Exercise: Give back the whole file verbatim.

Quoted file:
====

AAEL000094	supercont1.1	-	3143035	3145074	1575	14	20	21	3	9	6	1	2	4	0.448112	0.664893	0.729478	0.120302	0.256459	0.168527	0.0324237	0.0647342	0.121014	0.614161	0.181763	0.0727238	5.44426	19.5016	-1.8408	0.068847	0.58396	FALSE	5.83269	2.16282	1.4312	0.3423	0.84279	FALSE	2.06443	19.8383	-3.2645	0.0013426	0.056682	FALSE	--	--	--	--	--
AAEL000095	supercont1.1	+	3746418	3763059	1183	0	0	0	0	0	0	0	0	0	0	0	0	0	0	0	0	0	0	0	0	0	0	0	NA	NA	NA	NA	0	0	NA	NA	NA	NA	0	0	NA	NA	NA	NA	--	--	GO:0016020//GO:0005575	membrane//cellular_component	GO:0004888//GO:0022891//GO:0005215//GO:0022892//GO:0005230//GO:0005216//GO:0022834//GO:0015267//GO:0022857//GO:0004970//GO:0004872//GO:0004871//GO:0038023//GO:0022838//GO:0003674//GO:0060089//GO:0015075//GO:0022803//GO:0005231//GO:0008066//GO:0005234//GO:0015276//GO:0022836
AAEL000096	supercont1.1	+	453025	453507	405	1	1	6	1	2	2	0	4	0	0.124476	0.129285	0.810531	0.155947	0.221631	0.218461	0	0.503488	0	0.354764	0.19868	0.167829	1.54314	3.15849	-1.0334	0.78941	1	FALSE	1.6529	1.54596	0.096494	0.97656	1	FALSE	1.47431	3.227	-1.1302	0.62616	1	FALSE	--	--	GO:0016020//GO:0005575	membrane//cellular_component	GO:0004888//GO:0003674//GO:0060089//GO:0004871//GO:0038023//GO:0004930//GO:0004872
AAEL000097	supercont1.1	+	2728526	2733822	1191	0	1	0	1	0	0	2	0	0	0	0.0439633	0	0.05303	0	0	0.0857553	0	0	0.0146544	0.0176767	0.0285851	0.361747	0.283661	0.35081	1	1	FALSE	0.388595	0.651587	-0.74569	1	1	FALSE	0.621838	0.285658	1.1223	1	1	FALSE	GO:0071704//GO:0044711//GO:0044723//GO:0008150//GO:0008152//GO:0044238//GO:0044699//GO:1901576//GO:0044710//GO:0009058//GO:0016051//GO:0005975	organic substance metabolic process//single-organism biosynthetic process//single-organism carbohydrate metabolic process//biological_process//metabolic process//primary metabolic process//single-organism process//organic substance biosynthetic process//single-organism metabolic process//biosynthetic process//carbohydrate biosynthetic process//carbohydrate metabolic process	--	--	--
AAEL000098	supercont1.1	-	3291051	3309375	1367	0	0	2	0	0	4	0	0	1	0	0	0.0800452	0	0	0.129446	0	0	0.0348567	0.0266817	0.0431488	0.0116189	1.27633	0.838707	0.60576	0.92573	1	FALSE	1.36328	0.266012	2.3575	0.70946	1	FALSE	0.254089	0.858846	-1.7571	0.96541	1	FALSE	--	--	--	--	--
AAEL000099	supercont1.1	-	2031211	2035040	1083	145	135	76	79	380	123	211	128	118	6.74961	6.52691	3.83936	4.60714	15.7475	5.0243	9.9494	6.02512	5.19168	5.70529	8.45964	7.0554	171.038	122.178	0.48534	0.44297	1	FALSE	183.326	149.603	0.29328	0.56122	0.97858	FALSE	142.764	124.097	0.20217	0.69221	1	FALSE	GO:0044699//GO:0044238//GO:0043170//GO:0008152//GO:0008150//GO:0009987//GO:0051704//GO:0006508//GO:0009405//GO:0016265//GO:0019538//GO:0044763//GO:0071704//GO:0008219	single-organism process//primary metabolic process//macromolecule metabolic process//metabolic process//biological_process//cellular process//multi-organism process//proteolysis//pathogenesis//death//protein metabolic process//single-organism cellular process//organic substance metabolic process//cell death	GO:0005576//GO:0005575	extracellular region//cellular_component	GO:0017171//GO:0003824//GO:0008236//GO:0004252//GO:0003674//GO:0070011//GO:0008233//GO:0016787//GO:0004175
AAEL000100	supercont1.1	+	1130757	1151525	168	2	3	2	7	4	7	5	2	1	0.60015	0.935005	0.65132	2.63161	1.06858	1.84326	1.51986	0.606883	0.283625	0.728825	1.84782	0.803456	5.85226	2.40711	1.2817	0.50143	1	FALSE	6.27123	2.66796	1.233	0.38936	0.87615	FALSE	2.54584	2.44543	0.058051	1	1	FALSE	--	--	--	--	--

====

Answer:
AAEL000094	supercont1.1	-	3143035	3145074	1575	14	20	21	3	9	6	1	2	4	0.448112	0.664893	0.729478	0.120302	0.256459	0.168527	0.0324237	0.0647342	0.121014	0.614161	0.181763	0.0727238	5.44426	19.5016	-1.8408	0.068847	0.58396	FALSE	5.83269	2.16282	1.4312	0.3423	0.84279	FALSE	2.06443	19.8383	-3.2645	0.0013426	0.056682	FALSE	--	--	--	--	--
AAEL000095	supercont1.1	+	3746418	3763059	1183	0	0	0	0	0	0	0	0	0	0	0	0	0	0	0	0	0	0	0	0	0	0	0	NA	NA	NA	NA	0	0	NA	NA	NA	NA	0	0	NA	NA	NA	NA	--	--	GO:0016020//GO:0005575	membrane//cellular_component	GO:0004888//GO:0022891//GO:0005215//GO:0022892//GO:0005230//GO:0005216//GO:0022834//GO:0015267//GO:0022857//GO:0004970//GO:0004872//GO:0004871//GO:0038023//GO:0022838//GO:0003674//GO:0060089//GO:0015075//GO:0022803//GO:0005231//GO:0008066//GO:0005234//GO:0015276//GO:0022836
AAEL000096	supercont1.1	+	453025	453507	405	1	1	6	1	2	2	0	4	0	0.124476	0.129285	0.810531	0.155947	0.221631	0.218461	0	0.503488	0	0.354764	0.19868	0.167829	1.54314	3.15849	-1.0334	0.78941	1	FALSE	1.6529	1.54596	0.096494	0.97656	1	FALSE	1.47431	3.227	-1.1302	0.62616	1	FALSE	--	--	GO:0016020//GO:0005575	membrane//cellular_component	GO:0004888//GO:0003674//GO:0060089//GO:0004871//GO:0038023//GO:0004930//GO:0004872
AAEL000097	supercont1.1	+	2728526	2733822	1191	0	1	0	1	0	0	2	0	0	0	0.0439633	0	0.05303	0	0	0.0857553	0	0	0.0146544	0.0176767	0.0285851	0.361747	0.283661	0.35081	1	1	FALSE	0.388595	0.651587	-0.74569	1	1	FALSE	0.621838	0.285658	1.1223	1	1	FALSE	GO:0071704//GO:0044711//GO:0044723//GO:0008150//GO:0008152//GO:0044238//GO:0044699//GO:1901576//GO:0044710//GO:0009058//GO:0016051//GO:0005975	organic substance metabolic process//single-organism biosynthetic process//single-organism carbohydrate metabolic process//biological_process//metabolic process//primary metabolic process//single-organism process//organic substance biosynthetic process//single-organism metabolic process//biosynthetic process//carbohydrate biosynthetic process//carbohydrate metabolic process	--	--	--
AAEL000098	supercont1.1	-	3291051	3309375	1367	0	0	2	0	0	4	0	0	1	0	0	0.0800452	0	0	0.129446	0	0	0.0348567	0.0266817	0.0431488	0.0116189	1.27633	0.838707	0.60576	0.92573	1	FALSE	1.36328	0.266012	2.3575	0.70946	1	FALSE	0.254089	0.858846	-1.7571	0.96541	1	FALSE	--	--	--	--	--
AAEL000099	supercont1.1	-	2031211	2035040	1083	145	135	76	79	380	123	211	128	118	6.74961	6.52691	3.83936	4.60714	15.7475	5.0243	9.9494	6.02512	5.19168	5.70529	8.45964	7.0554	171.038	122.178	0.48534	0.44297	1	FALSE	183.326	149.603	0.29328	0.56122	0.97858	FALSE	142.764	124.097	0.20217	0.69221	1	FALSE	GO:0044699//GO:0044238//GO:0043170//GO:0008152//GO:0008150//GO:0009987//GO:0051704//GO:0006508//GO:0009405//GO:0016265//GO:0019538//GO:0044763//GO:0071704//GO:0008219	single-organism process//primary metabolic process//macromolecule metabolic process//metabolic process//biological_process//cellular process//multi-organism process//proteolysis//pathogenesis//death//protein metabolic process//single-organism cellular process//organic substance metabolic process//cell death	GO:0005576//GO:0005575	extracellular region//cellular_component	GO:0017171//GO:0003824//GO:0008236//GO:0004252//GO:0003674//GO:0070011//GO:0008233//GO:0016787//GO:0004175
AAEL000100	supercont1.1	+	1130757	1151525	168	2	3	2	7	4	7	5	2	1	0.60015	0.935005	0.65132	2.63161	1.06858	1.84326	1.51986	0.606883	0.283625	0.728825	1.84782	0.803456	5.85226	2.40711	1.2817	0.50143	1	FALSE	6.27123	2.66796	1.233	0.38936	0.87615	FALSE	2.54584	2.44543	0.058051	1	1	FALSE	--	--	--	--	--